Does Stretching Enhance Recovery?
As previously mentioned, the primary objectives of post-exercise stretching to enhance recovery are two-fold:
- Reduce muscle soreness
- Reduce muscle stiffness (i.e. regain pre-exercise ranges of motion)
Before continuing, it is worth noting that other post-exercise modalities such as heat and cold therapies, vibration, massage, hydrotherapy, anaesthetics, and foam rolling have all been shown to reduce muscle soreness and enhance the joint range of motion; thus enhancing recovery [9-17].
During static stretching, blood flow, capillary region oxygenation, and the velocity of red blood cells to the muscle appear to decrease [18-21]. Perhaps this is to be expected as the mechanical strain exerted on the muscle from the stretch is likely to cause vascular compression and lengthening. However, immediately after the stretch is released, blood flow appears to significantly increase beyond its previous pre-stretching levels .
Static stretching, therefore, appears to induce a rebounding effect on muscle blood flow – i.e. reduces flow during the stretch, but quickly elevates it afterwards. Temporarily reducing, and then increasing, blood flow may facilitate recovery by improving the delivery of nutrients whilst simultaneously removing metabolites, however, this is yet to be confirmed by research.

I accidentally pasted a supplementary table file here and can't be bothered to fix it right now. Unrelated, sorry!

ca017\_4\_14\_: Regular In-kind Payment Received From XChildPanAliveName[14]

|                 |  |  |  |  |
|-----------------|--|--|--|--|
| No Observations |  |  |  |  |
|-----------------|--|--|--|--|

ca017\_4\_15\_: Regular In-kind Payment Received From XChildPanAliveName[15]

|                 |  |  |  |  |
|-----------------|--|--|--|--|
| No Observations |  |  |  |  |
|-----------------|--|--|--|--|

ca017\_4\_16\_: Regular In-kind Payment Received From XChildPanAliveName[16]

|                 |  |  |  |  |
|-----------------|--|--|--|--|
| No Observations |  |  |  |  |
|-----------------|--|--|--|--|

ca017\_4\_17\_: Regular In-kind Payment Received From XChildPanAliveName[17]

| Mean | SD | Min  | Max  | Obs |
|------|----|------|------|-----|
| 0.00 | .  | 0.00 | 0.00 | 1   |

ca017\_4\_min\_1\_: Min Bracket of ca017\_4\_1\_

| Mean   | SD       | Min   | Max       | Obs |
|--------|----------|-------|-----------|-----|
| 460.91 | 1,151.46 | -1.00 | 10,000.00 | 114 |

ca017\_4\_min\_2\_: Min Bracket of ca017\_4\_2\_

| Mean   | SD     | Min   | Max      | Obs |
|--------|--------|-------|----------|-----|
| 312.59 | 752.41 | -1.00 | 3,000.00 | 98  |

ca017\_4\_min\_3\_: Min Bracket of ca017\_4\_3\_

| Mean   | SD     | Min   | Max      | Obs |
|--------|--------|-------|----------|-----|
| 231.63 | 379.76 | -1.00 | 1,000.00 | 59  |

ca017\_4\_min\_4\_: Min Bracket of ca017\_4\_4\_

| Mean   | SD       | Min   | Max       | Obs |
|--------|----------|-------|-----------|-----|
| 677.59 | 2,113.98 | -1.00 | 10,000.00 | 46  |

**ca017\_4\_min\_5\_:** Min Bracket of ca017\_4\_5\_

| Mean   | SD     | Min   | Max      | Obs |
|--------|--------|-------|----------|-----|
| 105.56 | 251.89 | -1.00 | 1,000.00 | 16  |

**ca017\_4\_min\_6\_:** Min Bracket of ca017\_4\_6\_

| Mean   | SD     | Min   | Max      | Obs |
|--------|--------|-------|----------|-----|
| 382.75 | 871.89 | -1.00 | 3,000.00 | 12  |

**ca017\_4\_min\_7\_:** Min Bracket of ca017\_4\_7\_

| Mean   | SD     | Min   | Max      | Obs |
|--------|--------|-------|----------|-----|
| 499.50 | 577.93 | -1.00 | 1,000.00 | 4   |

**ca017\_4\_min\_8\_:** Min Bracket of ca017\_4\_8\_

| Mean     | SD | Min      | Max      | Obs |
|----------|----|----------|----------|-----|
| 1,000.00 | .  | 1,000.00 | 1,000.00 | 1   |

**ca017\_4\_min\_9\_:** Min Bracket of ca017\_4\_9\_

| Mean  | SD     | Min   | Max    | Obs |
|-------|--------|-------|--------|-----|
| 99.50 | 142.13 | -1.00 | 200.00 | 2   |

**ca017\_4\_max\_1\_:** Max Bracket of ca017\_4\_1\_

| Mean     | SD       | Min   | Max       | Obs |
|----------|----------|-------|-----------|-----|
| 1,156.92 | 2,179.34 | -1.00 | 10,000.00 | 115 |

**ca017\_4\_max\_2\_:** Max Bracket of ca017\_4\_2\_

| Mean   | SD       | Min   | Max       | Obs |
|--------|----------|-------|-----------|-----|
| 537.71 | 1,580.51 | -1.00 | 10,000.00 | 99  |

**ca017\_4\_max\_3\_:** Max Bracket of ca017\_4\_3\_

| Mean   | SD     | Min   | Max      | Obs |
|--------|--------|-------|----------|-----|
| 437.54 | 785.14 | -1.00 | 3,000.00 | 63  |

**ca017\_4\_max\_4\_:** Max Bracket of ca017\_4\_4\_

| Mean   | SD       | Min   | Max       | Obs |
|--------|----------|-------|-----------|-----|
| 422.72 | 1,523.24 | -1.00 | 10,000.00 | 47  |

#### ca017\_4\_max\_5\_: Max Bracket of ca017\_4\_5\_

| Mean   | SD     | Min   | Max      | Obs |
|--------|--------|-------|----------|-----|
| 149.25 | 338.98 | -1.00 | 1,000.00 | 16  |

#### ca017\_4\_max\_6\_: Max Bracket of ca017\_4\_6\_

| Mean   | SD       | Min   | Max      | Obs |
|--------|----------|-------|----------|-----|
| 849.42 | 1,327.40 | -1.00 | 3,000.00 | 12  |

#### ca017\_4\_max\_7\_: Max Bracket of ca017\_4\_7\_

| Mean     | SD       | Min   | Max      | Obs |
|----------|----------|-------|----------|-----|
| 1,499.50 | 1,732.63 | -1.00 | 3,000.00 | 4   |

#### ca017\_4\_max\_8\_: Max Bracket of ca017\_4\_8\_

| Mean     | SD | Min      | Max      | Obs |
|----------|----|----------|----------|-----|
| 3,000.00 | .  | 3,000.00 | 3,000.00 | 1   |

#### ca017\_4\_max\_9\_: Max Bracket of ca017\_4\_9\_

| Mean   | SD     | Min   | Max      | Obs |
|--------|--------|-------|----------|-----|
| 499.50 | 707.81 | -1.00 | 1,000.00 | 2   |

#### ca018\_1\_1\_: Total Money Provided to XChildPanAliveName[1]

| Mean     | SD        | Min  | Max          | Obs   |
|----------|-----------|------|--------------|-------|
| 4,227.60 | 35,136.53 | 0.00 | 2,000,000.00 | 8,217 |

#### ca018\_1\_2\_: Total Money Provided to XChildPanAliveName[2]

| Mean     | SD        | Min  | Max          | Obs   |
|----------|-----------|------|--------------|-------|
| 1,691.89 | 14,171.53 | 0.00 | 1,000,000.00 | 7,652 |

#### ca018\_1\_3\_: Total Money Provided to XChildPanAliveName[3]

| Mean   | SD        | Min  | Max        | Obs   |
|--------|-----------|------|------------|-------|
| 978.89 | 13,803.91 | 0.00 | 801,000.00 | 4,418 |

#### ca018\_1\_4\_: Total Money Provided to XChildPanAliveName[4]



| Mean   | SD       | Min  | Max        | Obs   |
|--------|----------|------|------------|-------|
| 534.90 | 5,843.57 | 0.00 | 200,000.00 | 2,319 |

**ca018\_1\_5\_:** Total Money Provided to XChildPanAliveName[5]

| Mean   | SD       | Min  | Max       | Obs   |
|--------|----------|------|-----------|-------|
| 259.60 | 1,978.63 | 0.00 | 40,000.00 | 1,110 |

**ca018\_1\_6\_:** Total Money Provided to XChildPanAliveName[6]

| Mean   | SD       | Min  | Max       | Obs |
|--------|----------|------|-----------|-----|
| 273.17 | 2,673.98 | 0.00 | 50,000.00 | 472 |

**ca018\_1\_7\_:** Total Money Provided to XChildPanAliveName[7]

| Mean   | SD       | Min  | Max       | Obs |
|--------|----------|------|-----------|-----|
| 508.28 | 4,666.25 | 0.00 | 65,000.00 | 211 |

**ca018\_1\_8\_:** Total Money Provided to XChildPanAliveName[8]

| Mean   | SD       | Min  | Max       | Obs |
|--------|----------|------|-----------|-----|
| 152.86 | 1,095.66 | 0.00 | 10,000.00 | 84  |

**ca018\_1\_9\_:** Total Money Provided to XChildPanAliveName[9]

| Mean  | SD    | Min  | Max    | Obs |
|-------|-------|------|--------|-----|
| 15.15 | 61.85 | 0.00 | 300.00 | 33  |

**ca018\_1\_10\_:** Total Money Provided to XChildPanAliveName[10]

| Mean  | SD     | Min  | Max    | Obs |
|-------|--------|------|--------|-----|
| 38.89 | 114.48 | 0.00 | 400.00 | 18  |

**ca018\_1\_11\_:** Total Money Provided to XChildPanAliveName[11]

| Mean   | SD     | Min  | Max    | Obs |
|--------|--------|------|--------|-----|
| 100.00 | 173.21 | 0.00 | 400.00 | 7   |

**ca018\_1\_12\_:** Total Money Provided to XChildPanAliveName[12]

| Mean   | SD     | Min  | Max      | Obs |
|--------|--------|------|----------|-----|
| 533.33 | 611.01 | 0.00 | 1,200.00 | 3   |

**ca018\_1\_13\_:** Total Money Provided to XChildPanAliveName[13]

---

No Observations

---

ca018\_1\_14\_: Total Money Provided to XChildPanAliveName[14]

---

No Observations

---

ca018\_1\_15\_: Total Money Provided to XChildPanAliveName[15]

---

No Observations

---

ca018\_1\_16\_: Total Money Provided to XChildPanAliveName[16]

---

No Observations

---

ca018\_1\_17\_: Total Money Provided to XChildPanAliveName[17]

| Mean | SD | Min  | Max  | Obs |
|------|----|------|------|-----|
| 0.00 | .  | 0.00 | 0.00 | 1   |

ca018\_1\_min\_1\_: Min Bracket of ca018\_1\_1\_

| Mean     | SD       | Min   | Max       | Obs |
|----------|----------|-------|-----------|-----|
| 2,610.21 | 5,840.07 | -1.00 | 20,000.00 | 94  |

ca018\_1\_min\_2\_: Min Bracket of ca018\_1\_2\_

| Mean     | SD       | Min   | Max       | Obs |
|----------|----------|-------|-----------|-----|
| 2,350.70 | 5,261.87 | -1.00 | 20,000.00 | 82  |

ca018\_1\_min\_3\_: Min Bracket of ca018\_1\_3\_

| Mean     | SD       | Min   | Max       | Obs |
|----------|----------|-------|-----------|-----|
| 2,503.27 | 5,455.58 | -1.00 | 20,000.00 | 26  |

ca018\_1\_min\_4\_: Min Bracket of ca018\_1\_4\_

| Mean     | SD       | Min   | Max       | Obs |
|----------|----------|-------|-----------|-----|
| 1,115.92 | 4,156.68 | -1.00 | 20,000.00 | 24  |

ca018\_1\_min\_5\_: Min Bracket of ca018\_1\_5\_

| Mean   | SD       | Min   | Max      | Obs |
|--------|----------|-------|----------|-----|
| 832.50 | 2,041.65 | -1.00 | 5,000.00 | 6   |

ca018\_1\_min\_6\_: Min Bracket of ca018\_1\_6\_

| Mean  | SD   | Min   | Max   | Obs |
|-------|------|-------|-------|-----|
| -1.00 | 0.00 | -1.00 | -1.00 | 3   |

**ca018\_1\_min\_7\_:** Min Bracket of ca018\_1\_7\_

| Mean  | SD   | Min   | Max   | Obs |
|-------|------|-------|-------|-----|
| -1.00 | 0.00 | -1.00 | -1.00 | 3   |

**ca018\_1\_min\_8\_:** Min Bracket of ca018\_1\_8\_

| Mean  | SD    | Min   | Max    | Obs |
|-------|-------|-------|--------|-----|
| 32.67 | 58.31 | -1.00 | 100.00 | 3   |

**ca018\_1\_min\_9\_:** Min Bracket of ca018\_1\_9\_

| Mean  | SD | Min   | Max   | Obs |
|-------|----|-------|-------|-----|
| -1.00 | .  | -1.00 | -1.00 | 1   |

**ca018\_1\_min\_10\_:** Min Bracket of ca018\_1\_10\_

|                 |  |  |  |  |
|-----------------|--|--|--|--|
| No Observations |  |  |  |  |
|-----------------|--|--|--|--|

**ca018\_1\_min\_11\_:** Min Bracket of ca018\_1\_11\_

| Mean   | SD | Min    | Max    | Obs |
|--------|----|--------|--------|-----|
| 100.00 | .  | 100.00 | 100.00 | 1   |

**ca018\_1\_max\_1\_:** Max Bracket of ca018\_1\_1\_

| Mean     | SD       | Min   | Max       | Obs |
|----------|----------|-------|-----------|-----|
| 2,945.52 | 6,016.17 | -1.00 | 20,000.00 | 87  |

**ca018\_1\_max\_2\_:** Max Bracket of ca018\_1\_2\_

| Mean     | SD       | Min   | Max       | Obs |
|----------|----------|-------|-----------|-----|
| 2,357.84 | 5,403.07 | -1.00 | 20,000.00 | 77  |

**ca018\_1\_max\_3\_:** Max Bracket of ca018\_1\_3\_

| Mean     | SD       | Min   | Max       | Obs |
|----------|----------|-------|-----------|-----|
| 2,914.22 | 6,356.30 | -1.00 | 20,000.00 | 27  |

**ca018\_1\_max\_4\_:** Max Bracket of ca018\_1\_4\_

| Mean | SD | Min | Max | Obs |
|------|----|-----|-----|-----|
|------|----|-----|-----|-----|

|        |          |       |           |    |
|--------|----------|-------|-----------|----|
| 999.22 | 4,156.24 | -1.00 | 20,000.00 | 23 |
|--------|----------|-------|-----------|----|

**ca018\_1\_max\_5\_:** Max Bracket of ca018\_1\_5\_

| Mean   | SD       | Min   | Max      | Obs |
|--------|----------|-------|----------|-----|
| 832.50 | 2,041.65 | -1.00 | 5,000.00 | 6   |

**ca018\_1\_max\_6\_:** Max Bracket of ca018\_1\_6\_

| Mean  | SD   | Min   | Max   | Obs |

Reducing muscle soreness after exercise is a cornerstone objective of enhancing recovery. Much research has measured the effects of post-exercise stretching on muscle soreness and very often found positive results ; simply meaning stretching after exercise reduces muscle soreness.
Having said this, most of this research has been reported to be of low to moderate quality . One extensive meta-analysis on this topic, including over 2,500 participants, concluded that post-exercise stretching for recovery only reduced the effects of muscle soreness by 1-4 points on a 100-point scale (1-4% improvement) . Despite this figure being statistically significant, the effect is very small. As such, post-exercise static stretching may have little, to no, worthwhile effect on muscle soreness. On the flipside, perhaps every little counts?
Things here can get a little complicated, so we will keep it as quick and as straightforward as possible.
The Autonomic Nervous System is comprised of two branches (Figure 3):
- Sympathetic Nervous System (SNS)
- Parasympathetic Nervous System (PSNS)
The easiest way to distinguish the differences between the two is to associate the “fight or flight” responses with the SNS, and “rest and digest” responses with the PSNS. Therefore, the SNS increases heart rate, whilst the PSNS slows it down (Figure 3). Essentially, the PSNS helps facilitate recovery after a stressful event (e.g. competition or training) by counteracting the effects of the SNS which raises excitability and readiness .